But the launch of an e-reader and e-books in Japan, the world's second-biggest publishing market, is a pivotal move. Rakuten has reached a saturation point in Japan and needs to find new products to sell. The launch also tips the company further into the fast-moving world of digital content, a global space where Amazon, Apple Inc and Google Inc are fighting it out and where Japanese giants like Sony Corp have largely failed to make their mark.
Merely launching an e-book service in Japan is no mean feat. The past decade is littered with big-name initiatives that have languished or failed. They include devices from Panasonic, Toshiba and Sharp. Amazon on its Japanese website this month added a link for users to sign up for updates about Kindle's local availability, but declined to give details about when the device and service would be launched.
"In the last two months their attitude has completely changed," Mikitani said. "Before they were skeptical of worried about the negative impact for their business. Now they have changed their mind. This is their opportunity." This marriage was symbolized earlier this month when Mikitani appeared alongside Yoshinobu Noma, CEO of Japanese publishing giant Kodansha Ltd, on a panel at Tokyo's annual e-book fair.
He presented his fellow panelist with a t-shirt with the words "Destroy Amazon" in Japanese emblazoned on its camouflage pattern. Success of the Kobo e-reader is by no means guaranteed. The key, said Daisuke Kono, an editor at Tokyo's Internet Media Research Institute, is going to be just how many titles Rakuten can offer. Mikitani said his staff were busy digitizing content, but he is not sure how many would be available on the day of launch.
"Mickey-san really wants to make a big success of Kobo in Japan," says Robin Birtle, a publisher of ebooks in Japan. "In terms of the big heavyweight players, it's the only virgin market with any size to it." It's also an important step for Rakuten itself. More than 80 percent of Japan's 94 million Internet users already have an account on Rakuten's ecommerce site, the company says. That means that while Rakuten dominates online commerce, it needs to find growth, not in new users but in new things to sell to them.
So, Rakuten is essentially planting the seeds for its future revenue right now." But it's not just about Japan. Mikitani's success in persuading publishers to sign up was partly by promising them new markets. Japanese content, he says, has a global audience, whether it's Japanese manga, TV or magazines.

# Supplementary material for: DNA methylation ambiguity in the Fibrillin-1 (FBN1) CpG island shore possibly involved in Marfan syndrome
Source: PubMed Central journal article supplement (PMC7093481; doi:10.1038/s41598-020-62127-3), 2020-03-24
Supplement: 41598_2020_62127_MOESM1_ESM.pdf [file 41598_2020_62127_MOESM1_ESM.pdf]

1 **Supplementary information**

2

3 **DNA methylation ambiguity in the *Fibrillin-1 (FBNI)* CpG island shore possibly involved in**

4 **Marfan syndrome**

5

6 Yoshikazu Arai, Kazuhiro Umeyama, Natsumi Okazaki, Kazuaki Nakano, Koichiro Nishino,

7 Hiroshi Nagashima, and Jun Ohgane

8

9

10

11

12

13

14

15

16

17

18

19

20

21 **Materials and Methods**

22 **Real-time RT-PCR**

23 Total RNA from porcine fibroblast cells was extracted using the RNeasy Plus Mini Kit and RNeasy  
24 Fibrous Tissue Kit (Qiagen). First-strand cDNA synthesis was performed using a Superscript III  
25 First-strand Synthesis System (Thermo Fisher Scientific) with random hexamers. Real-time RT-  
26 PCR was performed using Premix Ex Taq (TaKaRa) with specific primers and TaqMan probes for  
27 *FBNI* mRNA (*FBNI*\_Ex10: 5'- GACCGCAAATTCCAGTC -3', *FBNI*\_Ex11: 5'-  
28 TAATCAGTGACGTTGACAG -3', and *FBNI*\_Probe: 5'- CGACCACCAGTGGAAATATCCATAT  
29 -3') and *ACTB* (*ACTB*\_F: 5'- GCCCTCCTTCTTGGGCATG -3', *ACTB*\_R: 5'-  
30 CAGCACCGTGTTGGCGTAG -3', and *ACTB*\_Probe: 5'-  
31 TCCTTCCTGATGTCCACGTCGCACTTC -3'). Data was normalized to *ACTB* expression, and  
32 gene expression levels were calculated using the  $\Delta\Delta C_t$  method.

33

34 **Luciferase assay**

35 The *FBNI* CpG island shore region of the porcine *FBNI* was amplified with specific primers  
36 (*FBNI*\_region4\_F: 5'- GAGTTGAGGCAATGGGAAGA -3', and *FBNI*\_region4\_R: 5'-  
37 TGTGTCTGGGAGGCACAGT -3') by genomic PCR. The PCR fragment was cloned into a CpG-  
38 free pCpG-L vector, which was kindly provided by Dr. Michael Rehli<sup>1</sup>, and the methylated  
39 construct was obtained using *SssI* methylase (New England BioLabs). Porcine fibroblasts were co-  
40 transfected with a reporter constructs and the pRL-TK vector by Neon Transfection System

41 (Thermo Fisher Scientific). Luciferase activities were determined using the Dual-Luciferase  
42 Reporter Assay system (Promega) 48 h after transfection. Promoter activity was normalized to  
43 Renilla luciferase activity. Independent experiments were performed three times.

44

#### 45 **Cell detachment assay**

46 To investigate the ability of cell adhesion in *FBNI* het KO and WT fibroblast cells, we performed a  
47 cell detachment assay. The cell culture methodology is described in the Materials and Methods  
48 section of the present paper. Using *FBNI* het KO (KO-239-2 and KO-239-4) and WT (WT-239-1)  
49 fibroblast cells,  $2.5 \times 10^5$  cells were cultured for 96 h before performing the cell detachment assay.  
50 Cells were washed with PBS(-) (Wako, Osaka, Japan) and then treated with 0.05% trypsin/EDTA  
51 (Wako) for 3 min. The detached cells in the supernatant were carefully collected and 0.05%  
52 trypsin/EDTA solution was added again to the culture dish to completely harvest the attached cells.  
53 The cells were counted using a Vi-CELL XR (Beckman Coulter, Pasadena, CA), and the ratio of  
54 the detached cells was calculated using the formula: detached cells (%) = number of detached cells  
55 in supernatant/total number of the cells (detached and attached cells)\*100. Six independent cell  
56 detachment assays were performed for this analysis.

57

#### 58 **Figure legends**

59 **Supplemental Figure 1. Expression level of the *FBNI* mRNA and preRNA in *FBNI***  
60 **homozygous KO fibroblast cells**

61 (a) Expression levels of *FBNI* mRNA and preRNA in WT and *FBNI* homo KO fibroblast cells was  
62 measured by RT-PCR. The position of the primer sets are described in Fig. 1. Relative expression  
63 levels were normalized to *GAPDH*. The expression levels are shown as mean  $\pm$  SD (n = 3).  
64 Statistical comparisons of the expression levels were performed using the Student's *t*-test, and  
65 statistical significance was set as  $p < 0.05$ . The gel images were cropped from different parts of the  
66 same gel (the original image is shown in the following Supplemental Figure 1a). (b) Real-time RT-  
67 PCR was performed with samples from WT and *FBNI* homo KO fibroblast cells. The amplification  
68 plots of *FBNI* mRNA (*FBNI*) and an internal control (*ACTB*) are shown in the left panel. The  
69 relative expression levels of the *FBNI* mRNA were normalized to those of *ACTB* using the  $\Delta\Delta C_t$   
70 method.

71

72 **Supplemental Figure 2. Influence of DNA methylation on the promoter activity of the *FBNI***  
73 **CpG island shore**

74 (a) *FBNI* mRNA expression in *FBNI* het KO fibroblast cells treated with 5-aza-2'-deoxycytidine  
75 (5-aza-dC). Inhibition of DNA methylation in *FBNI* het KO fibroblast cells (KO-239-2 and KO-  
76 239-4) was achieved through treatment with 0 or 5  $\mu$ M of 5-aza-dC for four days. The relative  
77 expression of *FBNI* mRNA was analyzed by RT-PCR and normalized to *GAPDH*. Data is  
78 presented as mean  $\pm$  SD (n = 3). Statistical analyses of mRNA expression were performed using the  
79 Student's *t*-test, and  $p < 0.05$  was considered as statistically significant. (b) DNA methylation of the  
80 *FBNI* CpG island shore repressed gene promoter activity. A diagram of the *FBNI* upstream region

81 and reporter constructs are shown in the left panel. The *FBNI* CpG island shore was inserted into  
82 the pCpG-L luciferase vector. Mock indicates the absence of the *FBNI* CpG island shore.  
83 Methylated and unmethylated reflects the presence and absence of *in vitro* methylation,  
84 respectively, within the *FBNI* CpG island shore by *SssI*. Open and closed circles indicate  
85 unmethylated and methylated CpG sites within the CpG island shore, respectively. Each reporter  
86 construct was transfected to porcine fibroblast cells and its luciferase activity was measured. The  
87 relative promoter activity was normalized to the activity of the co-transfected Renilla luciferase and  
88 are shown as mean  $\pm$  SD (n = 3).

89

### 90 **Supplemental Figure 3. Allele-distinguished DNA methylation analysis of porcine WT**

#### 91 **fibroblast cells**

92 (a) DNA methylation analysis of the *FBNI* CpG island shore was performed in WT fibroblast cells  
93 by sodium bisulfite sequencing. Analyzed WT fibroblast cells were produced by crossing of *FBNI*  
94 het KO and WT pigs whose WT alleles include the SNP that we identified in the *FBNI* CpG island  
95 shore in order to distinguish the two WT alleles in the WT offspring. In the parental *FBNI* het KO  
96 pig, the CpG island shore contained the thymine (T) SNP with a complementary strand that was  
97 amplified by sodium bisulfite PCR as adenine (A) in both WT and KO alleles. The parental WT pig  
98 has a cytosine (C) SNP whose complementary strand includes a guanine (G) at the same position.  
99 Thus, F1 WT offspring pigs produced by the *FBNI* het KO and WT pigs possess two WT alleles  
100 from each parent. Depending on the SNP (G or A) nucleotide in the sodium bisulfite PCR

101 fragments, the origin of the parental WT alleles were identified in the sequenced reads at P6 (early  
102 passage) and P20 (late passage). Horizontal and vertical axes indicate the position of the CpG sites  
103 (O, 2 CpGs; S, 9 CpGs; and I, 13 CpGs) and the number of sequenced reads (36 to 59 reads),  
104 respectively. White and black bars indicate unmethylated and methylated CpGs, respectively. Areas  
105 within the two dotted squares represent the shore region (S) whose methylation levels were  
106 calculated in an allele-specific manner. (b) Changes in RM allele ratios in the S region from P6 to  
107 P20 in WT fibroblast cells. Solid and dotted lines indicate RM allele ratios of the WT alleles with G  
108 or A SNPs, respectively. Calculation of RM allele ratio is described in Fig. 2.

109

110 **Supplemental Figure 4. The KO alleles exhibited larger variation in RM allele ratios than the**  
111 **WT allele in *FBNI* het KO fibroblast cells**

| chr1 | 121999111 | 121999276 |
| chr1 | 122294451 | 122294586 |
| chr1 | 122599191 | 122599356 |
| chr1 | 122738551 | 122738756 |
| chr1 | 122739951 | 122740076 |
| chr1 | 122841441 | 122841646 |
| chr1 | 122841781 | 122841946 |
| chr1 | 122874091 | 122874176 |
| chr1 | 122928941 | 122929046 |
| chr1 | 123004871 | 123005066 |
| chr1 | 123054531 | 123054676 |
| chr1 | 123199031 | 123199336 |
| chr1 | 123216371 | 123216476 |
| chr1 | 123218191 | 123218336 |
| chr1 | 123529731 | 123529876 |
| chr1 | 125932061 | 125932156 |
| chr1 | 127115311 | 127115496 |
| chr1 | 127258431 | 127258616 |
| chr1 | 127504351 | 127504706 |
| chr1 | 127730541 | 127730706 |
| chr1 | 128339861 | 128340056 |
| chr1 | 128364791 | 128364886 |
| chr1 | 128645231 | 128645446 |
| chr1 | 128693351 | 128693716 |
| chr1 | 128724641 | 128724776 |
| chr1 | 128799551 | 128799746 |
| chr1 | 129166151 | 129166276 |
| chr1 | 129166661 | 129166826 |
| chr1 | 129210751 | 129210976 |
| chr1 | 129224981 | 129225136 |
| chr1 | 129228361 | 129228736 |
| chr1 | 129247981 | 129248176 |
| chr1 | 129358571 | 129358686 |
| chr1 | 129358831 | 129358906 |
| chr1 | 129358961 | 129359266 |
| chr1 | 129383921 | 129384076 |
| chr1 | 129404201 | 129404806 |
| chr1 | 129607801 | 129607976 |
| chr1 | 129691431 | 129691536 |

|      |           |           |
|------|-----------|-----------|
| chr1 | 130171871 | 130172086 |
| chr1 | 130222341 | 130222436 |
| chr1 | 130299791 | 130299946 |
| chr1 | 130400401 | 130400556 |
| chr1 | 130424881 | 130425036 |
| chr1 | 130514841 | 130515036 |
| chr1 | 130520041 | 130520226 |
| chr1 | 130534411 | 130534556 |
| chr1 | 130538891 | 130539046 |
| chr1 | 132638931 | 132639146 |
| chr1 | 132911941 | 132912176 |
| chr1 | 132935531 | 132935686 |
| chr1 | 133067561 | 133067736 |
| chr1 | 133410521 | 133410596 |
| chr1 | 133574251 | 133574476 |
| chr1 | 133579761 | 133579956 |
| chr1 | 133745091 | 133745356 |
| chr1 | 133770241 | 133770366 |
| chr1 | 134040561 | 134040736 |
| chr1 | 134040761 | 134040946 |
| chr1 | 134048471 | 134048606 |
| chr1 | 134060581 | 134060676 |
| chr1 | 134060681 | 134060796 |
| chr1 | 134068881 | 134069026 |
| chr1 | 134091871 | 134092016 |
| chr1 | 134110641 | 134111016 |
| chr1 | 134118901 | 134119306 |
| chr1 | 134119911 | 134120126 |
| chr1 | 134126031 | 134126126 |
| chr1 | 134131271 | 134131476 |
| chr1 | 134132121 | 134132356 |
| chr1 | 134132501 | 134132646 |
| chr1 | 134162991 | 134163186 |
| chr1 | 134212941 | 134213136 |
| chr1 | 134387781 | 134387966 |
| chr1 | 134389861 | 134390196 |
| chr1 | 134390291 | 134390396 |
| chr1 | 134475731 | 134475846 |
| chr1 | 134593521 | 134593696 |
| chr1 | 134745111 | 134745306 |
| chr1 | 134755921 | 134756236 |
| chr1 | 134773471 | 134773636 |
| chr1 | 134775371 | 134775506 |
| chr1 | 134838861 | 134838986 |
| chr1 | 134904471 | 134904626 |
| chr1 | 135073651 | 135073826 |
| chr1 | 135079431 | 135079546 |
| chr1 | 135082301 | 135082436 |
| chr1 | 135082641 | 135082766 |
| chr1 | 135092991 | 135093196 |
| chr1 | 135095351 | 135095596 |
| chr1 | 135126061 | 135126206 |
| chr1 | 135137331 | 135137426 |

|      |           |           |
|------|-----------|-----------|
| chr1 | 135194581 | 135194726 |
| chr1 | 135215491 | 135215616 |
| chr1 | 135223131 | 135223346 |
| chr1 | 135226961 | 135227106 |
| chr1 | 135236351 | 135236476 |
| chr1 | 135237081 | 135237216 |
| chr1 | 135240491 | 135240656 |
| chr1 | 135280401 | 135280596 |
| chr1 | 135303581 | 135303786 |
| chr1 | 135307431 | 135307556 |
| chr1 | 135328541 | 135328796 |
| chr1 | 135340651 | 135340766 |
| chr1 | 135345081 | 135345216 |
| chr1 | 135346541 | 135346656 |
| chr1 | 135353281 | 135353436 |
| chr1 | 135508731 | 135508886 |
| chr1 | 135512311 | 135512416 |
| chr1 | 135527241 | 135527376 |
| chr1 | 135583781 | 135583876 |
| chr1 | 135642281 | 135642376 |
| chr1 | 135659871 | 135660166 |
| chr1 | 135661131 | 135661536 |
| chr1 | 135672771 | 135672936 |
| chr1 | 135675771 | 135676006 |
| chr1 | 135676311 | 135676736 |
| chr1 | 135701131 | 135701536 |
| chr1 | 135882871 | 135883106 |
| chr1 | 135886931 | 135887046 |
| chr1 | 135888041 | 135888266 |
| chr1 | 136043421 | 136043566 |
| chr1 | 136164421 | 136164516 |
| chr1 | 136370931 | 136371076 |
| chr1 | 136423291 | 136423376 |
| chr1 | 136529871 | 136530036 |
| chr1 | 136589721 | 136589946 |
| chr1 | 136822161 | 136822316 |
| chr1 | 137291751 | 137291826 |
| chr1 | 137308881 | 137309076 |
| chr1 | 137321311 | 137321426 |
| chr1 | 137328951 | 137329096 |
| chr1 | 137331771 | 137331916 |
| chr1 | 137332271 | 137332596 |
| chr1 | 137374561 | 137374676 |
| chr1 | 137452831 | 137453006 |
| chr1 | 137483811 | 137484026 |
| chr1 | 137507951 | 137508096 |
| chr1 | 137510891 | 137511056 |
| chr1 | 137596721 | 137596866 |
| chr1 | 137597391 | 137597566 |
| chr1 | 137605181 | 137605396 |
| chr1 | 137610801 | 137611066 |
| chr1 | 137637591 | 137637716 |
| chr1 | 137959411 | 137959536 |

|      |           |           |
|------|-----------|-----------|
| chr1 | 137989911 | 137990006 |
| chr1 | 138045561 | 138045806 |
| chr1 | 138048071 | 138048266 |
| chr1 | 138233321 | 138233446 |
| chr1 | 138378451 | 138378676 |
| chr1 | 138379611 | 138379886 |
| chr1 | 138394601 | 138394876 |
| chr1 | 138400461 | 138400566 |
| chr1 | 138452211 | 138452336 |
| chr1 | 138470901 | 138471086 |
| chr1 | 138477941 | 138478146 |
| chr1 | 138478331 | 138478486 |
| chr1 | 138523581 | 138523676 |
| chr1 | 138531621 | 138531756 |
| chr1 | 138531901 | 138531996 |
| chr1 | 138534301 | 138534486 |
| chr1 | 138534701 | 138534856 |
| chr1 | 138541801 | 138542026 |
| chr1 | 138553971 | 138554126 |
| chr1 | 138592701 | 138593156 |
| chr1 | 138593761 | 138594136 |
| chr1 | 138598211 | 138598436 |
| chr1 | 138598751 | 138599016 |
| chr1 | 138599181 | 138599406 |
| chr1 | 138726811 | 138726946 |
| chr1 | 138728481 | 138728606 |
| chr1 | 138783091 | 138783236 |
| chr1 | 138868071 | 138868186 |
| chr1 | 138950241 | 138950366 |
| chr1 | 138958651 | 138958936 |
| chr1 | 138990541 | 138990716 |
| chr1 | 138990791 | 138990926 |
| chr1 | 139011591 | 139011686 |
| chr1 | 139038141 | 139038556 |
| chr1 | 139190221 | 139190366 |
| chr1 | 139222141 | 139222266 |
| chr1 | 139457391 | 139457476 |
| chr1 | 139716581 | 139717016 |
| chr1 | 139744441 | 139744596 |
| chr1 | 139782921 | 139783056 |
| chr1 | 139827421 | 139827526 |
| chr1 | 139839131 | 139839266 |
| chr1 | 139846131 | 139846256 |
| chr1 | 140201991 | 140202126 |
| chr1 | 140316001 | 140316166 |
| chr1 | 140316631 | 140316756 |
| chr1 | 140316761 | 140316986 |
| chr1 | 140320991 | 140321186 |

Most of the Japanese content available on Kobo will also be available overseas, Mikitani said. "If you go to China or Singapore the most popular fashion magazine is Japanese," says Mikitani. Publishers aren't profiting much from this opportunity, he added. "With this format, they can," he said. "This is a global opportunity for them." Rakuten's ability to deliver on this rests in part on its partnerships with carriers, device manufacturers and book stores.
Kobo's e-book store has been included as part of Samsung's Readers Hub preloaded on some of its Android-phones, although a Kobo spokesperson was not sure whether this agreement was still active. This approach, Mikitani says, extends beyond books to his Kobo Vox, a media tablet not unlike Amazon's Kindle Fire and Google's just launched Nexus 7.
Vox is also compliant with Google services, meaning that users can access content on Google's Play store as well as Kobo's own. Trying to take on the big players in every segment would not be possible, he said. "It's going to be competitive and that's why we're not trying to compete everywhere if it's smarter to have more cooperation and collaboration rather than trying to dominate everything. If you can integrate that's great, if not we are still competitive," he said.
"It's a national sport to collect as many Rakuten points as possible," says Serkan Toto, a Tokyo-based consultant, who calls it the company's "secret sauce." Mikitani declines to go into detail about how the points program would be integrated with Kobo. "It's not just about money but how to make it interesting," he said.